Most Boeing Co. employees help build jetliners laden with futuristic technology. Then there’s Michael Lombardi, whose work encompasses not just carbon-fiber 787 Dreamliners but also World War II bombers and antique wood-and-linen seaplanes.
From a basement near the planemaker’s Seattle-area industrial hub, Lombardi tends to shelves full of old engineering drawings, priceless airplane models and 50,000 cans of motion-picture films documenting the evolution of flight. He’s the chief company historian. As Boeing turns 100 Friday, he’s never been busier sifting through boxes of donated artifacts, dredging up historic memorabilia and helping plan centennial events.
Lombardi, 56, is the third person to hold the post at Boeing and is a stalwart in a small band working to preserve U.S. company records. It’s a coveted job, given the low turnover and Boeing’s role in shaping 20th century events such as the Normandy invasion and the race to the moon. Since Lombardi took charge of the company archives in 1994, five chief executive officers have come and gone.
“The hard part was waiting 15 years for my predecessor to retire,’’ he said.
Boeing built a pavilion at this week’s Farnborough Air Show in the United Kingdom with a mock-up of one of company founder Bill Boeing’s first wood-and-linen planes dangling from the ceiling. Blown-up photos of some of the most famous aircraft designed by Boeing and the planemakers it acquired blanketed the trade show’s central pavilion.
For all the interest in the past as the centennial approaches, Lombardi remains mindful of the business case for maintaining the collection and his staff of five people across three sites. His team has helped engineers trace how their predecessors solved a design problem. A recent task involved sifting through Boeing’s photo collection — including 4 million photographic negatives — for images to post to a new Instagram account.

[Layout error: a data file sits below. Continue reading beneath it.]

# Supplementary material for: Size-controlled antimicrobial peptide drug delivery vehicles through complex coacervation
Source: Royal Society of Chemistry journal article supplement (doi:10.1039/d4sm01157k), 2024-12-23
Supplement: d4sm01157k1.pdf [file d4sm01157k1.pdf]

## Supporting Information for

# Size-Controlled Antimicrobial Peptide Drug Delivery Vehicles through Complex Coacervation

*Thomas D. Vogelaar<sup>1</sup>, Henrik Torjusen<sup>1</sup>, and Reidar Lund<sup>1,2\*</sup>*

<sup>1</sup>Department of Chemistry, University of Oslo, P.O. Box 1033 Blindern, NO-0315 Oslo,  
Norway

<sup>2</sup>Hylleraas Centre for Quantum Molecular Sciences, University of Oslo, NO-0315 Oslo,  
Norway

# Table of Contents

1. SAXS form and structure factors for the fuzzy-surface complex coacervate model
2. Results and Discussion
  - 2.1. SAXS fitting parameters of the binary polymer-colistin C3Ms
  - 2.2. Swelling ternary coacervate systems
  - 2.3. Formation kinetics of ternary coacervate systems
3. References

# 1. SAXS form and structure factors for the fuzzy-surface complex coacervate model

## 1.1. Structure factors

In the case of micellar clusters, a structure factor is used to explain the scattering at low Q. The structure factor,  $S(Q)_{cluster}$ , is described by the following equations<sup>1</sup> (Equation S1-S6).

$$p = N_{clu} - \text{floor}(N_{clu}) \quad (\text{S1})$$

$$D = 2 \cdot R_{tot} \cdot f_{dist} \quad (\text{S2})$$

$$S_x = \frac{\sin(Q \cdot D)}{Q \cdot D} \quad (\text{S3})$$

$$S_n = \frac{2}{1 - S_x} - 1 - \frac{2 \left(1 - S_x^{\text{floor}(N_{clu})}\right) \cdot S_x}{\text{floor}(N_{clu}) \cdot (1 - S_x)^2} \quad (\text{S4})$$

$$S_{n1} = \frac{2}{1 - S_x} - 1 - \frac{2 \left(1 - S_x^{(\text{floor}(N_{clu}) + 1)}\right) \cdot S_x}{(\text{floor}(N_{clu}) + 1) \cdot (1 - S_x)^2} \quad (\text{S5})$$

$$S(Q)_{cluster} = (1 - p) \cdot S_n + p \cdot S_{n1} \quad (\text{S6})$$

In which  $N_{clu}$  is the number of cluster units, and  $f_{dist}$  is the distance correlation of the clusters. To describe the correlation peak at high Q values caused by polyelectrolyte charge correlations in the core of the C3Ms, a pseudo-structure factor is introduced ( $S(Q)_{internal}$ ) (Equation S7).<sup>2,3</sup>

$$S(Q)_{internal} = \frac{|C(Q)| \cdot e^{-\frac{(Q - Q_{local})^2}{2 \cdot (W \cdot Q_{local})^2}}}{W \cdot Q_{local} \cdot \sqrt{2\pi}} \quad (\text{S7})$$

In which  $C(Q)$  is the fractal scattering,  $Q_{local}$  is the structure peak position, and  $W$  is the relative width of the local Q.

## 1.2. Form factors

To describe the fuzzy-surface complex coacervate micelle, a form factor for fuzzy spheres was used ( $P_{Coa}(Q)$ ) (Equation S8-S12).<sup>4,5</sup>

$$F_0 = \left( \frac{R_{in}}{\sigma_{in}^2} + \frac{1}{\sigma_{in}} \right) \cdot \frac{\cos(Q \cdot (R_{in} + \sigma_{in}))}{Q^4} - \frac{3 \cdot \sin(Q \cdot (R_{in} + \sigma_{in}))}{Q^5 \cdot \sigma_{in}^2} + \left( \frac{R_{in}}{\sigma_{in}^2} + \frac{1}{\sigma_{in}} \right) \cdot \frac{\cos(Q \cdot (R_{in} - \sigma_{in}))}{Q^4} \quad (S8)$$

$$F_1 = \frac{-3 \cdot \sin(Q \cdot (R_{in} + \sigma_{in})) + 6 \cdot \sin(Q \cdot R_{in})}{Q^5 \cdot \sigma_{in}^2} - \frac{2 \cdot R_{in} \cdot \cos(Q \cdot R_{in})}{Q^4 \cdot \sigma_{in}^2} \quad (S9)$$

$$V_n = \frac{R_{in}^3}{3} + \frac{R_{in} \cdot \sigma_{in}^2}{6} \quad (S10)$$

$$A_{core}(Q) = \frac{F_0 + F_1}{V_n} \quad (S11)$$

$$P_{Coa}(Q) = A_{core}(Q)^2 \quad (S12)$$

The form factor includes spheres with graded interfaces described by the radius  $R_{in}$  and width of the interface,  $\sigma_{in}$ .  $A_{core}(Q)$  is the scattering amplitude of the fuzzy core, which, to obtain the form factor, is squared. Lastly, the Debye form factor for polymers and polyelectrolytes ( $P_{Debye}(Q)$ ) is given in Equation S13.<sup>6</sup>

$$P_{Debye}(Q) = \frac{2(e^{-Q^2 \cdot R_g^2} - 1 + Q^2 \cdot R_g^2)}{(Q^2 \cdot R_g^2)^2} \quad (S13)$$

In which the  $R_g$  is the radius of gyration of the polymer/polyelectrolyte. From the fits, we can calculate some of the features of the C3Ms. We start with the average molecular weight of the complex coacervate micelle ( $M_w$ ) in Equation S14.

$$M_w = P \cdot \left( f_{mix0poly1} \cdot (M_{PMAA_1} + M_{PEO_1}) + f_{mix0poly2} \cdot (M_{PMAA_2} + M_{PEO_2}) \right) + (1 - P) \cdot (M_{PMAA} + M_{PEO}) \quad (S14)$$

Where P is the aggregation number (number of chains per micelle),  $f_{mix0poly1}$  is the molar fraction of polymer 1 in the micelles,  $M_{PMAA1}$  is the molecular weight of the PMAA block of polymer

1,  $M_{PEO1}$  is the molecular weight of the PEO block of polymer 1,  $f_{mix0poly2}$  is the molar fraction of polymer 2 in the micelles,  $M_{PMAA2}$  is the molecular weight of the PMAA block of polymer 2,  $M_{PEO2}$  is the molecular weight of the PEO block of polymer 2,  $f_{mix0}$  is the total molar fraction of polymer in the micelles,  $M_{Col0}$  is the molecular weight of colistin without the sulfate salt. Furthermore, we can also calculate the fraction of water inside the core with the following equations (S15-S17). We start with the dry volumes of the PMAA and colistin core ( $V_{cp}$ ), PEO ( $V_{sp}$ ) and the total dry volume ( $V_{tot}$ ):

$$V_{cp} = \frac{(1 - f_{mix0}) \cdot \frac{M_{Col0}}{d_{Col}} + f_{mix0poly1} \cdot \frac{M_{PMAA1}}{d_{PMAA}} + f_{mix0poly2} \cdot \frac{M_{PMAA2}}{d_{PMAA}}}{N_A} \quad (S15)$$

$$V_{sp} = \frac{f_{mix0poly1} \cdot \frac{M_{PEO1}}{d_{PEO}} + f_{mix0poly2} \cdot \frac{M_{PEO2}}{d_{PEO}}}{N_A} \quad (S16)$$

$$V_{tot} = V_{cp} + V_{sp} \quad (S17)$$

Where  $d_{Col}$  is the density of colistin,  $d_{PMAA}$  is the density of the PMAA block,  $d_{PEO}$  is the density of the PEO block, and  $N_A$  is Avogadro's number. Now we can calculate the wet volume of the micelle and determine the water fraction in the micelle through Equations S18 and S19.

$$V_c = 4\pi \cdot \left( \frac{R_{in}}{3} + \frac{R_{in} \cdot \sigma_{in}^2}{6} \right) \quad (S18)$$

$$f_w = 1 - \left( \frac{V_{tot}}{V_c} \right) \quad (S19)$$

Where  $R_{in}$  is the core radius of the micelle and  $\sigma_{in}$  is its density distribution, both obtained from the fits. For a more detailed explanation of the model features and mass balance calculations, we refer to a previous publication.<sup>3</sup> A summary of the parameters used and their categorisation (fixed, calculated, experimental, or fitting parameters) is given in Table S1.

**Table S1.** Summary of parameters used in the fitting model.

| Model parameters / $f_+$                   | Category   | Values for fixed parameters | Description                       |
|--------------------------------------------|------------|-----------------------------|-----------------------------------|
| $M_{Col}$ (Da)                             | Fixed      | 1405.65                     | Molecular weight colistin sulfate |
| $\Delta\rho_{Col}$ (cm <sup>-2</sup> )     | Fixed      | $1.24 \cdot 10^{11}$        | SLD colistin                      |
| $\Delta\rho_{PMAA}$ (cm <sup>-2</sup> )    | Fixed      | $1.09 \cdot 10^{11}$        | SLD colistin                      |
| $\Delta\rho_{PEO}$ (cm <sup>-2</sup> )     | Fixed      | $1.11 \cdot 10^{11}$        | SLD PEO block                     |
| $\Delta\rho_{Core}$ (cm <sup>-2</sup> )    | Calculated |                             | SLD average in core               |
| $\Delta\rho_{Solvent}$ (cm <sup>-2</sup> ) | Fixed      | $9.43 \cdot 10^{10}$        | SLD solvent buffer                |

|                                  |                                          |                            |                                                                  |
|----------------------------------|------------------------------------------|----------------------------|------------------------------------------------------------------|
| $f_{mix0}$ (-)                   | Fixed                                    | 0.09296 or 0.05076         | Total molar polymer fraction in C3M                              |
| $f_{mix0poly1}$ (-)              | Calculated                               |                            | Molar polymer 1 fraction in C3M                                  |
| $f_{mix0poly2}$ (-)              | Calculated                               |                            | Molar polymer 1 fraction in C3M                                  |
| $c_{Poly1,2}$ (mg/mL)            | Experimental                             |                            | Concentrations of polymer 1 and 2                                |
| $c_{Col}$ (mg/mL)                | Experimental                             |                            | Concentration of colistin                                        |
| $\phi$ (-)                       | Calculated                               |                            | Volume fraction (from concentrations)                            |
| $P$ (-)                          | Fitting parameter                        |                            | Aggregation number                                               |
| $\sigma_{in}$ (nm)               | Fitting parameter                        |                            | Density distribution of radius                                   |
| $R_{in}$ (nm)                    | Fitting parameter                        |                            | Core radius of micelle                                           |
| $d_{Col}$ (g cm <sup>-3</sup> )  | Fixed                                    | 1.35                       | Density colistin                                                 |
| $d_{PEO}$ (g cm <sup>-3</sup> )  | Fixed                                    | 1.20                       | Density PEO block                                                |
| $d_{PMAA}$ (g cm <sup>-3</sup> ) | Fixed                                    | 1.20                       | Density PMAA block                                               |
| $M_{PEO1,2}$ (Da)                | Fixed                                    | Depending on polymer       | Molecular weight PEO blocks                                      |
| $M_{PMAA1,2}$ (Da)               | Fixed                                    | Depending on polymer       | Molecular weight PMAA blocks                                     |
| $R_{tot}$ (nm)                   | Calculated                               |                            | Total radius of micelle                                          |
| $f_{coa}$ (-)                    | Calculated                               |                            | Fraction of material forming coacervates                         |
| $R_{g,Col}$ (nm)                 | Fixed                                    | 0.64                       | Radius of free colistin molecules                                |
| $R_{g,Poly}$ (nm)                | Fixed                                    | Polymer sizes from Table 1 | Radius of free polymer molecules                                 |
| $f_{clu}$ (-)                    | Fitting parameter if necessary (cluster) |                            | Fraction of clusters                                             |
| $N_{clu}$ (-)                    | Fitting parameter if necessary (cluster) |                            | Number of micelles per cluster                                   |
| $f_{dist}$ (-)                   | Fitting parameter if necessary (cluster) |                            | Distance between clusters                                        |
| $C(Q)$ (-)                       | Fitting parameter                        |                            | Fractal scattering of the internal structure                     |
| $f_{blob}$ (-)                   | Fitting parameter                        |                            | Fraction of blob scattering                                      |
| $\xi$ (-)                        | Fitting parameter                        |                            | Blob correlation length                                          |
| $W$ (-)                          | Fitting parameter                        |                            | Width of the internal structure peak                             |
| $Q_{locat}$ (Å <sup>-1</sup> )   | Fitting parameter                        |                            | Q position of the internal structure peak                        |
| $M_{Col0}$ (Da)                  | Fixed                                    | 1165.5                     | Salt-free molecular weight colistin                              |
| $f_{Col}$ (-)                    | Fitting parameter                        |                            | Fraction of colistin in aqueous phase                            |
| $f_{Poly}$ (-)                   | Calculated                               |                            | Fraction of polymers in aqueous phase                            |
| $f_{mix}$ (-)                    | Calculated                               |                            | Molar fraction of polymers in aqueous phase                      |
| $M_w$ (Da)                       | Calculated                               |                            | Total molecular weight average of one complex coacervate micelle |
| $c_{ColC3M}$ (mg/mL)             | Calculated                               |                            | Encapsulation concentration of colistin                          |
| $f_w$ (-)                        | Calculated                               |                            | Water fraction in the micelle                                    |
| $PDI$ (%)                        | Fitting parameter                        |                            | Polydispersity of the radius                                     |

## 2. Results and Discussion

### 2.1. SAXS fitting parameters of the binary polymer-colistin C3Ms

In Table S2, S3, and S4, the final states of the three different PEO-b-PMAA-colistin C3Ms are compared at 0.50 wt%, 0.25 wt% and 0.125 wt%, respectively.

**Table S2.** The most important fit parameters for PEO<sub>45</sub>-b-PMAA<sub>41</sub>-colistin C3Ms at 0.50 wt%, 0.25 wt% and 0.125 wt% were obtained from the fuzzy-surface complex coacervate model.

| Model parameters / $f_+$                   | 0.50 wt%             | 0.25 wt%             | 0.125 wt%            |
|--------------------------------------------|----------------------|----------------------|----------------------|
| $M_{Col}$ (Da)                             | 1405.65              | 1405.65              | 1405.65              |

The anniversary is “one small thing that we provide in the bigger picture,” said Lombardi. “I don’t believe we can survive, keep this program relevant, if we just focus on that one aspect.”
At Boeing, Lombardi’s workload has more than doubled as departments from the cafeteria to the legal team clamor for reminders from bygone eras. Then there are the boxes of donated artifacts arriving daily to be cataloged, plus the constant interview requests, which Lombardi fields with a broadcast-worthy baritone.
The trove includes a century’s worth of human touches. There are B-17 horn buttons pocketed by World War II bomber pilots, sometimes bearing lipstick from a “Rosie the Riveter” at Boeing’s factory.
He has a menu from a company soiree honoring Charles Lindbergh on Aug. 18, 1927, two months after the pilot’s first trans-Atlantic flight. Lombardi has the contents of Alan Mulally’s desk when he left Boeing to head Ford Motor Co. a decade ago.
During a recent tour of the archives, Lombardi strolled by aircraft models carved from engineering mock-ups in the years before computer-assisted design. One set of miniature planes traced the evolution of the 747 under chief engineer Joe Sutter, from a rejected double-decker design to the hump-backed icon dubbed the queen of the skies.
He held up a failed design for the Boeing E-3 Sentry, a military plane better known by its acronym: AWACS. In that approach, the signature radar dome was fused into the adapted Boeing 707’s tail. Later designs settled on struts attached to the fuselage.
“The planes that we build, they just don’t spring up overnight,” Lombardi said. “There’s a lot of intellectual effort that goes into designing these things. Lots of stops, starts, with the idea that you have to get it right.”
Boeing by the numbers
Boeing easily holds the title as the largest private employer in Washington. Even though its head count has edged down in recent years, nearly half Boeing’s global workforce is based in Washington: more than 77,000 workers, topping Amazon and Microsoft combined.
As state officials reported this spring that Boeing had saved $305 million in state taxes last year through Washington’s aerospace tax incentives, the company reported the other side of that coin: In 2015, it spent $13 billion in Washington on payroll, supplier purchases and capital investments.
But its economic effect stretches further, fueling an aerospace sector that in 2014 generated 93,400 direct jobs at Boeing and supplier companies, and an estimated $59.5 billion in gross revenues in the state, according to a study for the Washington Aerospace Partnership.
The Seattle Times